Peircing the Decentralized Autonomous Organization Veil
U.S. Securities and Exchange (SEC) Commissioner Hester Peirce, referred to by some as “crypto mom” for her support for blockchain technology and cryptocurrency, was nominated on June 3, to serve a five-year term. Peirce is currently one of four SEC Commissioners appointed by the President of the United States with the advice and consent of the Senate. One Commissioner is currently to be named by the President. Their terms last five years and are staggered so that one Commissioner's term ends on June 5 of each year.
Commissioner Peirce was initially appointed in early 2018 to fill a vacancy, scheduled to expire in early June 2020, although a Commissioner is permitted to stay in the position for up to 18 months after her term until the confirmation of a successor. Assuming Commissioner Peirce is approved by the U.S. Senate, her term will extend until June 2025.
In a 2018 speech Commissioner Peirce advocated an application of the “Howey test” that would require a nuanced analysis where certain offerings of digital assets through initial coin offerings might not be deemed securities offerings. This came after the SEC published the DAO report, but before the speech by William Hinman, Director of the SEC Division of Corporation Finance, in which he discussed the idea that a digital asset can become decentralized to the point of not being a security.
Most recently, Commissioner Peirce proposed a new safe harbor relating to the offering of digital assets that would facilitate achieving decentralization. The proposed safe harbor would provide network developers with a three-year grace period within which they could facilitate participation in and the development of a functional or decentralized network that would be exempt from the registration provisions of the federal securities laws, so long as several conditions are met. The proposal would exempt (1) the offer and sale of tokens from the provisions of the Securities Act of 1933, other than the antifraud provisions, (2) the tokens from registration under the Securities Exchange Act of 1934 (Exchange act), and (3) persons engaged in certain token transactions from the definitions of “exchange,” “broker,” and “dealer” under the Exchange Act. While the proposal is unlikely to be adopted, it has opened a dialogue as to whether certain tokens offered for the development of a platform should be regulated in some manner other than under securities.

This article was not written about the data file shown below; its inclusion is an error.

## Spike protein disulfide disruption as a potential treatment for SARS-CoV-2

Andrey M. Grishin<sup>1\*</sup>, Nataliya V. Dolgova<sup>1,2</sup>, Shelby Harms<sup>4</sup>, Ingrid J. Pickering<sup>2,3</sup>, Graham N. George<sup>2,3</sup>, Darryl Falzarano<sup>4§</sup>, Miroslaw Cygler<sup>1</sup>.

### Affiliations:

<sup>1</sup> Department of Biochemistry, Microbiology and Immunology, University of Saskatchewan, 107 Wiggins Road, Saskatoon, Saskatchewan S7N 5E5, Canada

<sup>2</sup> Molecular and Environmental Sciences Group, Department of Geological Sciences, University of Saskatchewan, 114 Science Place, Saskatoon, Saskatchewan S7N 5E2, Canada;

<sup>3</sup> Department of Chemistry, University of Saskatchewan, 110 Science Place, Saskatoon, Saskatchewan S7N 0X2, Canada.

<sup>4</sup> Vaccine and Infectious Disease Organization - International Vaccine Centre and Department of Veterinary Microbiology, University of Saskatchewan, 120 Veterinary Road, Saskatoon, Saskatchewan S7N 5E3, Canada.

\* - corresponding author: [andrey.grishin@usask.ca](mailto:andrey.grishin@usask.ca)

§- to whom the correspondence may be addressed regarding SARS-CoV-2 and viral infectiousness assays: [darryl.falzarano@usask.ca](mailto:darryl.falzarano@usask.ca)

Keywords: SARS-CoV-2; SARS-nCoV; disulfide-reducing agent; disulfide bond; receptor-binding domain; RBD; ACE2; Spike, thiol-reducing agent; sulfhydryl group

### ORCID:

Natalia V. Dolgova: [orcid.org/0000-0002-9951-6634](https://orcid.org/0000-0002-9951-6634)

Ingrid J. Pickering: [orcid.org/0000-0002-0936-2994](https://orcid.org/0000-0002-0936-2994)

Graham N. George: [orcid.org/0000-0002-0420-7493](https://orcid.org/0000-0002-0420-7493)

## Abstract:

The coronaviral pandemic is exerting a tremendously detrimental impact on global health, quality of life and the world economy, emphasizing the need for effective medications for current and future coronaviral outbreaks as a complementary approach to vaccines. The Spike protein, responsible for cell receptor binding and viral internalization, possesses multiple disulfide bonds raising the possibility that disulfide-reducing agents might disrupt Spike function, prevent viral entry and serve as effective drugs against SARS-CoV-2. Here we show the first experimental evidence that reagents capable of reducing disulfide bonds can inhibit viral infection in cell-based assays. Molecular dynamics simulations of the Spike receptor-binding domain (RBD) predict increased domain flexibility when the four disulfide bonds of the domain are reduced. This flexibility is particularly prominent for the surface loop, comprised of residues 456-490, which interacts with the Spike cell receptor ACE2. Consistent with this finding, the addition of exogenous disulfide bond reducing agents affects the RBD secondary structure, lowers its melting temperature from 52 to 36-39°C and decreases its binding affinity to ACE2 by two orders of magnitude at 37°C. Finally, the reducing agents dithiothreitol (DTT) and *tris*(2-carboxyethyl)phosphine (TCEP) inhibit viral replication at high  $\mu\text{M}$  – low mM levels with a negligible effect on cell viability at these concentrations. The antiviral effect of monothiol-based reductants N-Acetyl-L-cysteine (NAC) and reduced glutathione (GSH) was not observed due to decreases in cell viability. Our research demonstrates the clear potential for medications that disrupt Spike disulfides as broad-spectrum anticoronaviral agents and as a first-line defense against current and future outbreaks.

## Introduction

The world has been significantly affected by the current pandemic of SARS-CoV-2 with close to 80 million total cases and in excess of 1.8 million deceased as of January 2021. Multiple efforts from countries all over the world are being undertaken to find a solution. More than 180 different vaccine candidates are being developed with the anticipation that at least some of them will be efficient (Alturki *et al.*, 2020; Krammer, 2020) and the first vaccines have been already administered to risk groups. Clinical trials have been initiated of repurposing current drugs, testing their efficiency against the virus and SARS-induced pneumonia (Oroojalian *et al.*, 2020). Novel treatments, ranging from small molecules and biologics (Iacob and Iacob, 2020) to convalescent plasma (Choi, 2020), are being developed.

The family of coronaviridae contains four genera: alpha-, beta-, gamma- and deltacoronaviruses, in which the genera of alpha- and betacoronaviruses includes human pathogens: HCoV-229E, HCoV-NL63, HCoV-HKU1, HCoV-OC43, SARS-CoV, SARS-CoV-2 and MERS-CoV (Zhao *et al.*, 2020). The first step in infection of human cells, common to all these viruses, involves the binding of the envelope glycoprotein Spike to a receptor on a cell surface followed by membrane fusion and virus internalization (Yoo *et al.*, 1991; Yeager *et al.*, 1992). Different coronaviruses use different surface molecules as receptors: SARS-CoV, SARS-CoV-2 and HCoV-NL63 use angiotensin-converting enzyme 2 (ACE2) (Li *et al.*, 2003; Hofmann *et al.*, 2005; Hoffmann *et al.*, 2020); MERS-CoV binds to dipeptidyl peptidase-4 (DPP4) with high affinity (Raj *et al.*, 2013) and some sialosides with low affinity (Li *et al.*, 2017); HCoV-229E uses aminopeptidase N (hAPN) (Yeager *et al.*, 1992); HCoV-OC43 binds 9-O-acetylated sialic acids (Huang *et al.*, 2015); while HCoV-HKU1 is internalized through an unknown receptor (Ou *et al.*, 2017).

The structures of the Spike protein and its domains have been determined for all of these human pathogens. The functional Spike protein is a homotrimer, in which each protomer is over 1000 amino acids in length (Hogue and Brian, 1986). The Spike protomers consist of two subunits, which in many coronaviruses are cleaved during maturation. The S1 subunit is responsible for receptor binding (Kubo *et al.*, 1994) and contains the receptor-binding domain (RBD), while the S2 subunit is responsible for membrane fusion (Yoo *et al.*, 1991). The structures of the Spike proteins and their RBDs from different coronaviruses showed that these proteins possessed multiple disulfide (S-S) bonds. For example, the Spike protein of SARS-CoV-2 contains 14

Current SEC Commissioners
 The Howey test is a test created by the U.S. Supreme Court for determining whether certain transactions qualify as “investment contracts” under the Securities Act and the Exchange Act and are considered securities subject to certain disclosure and registration requirements.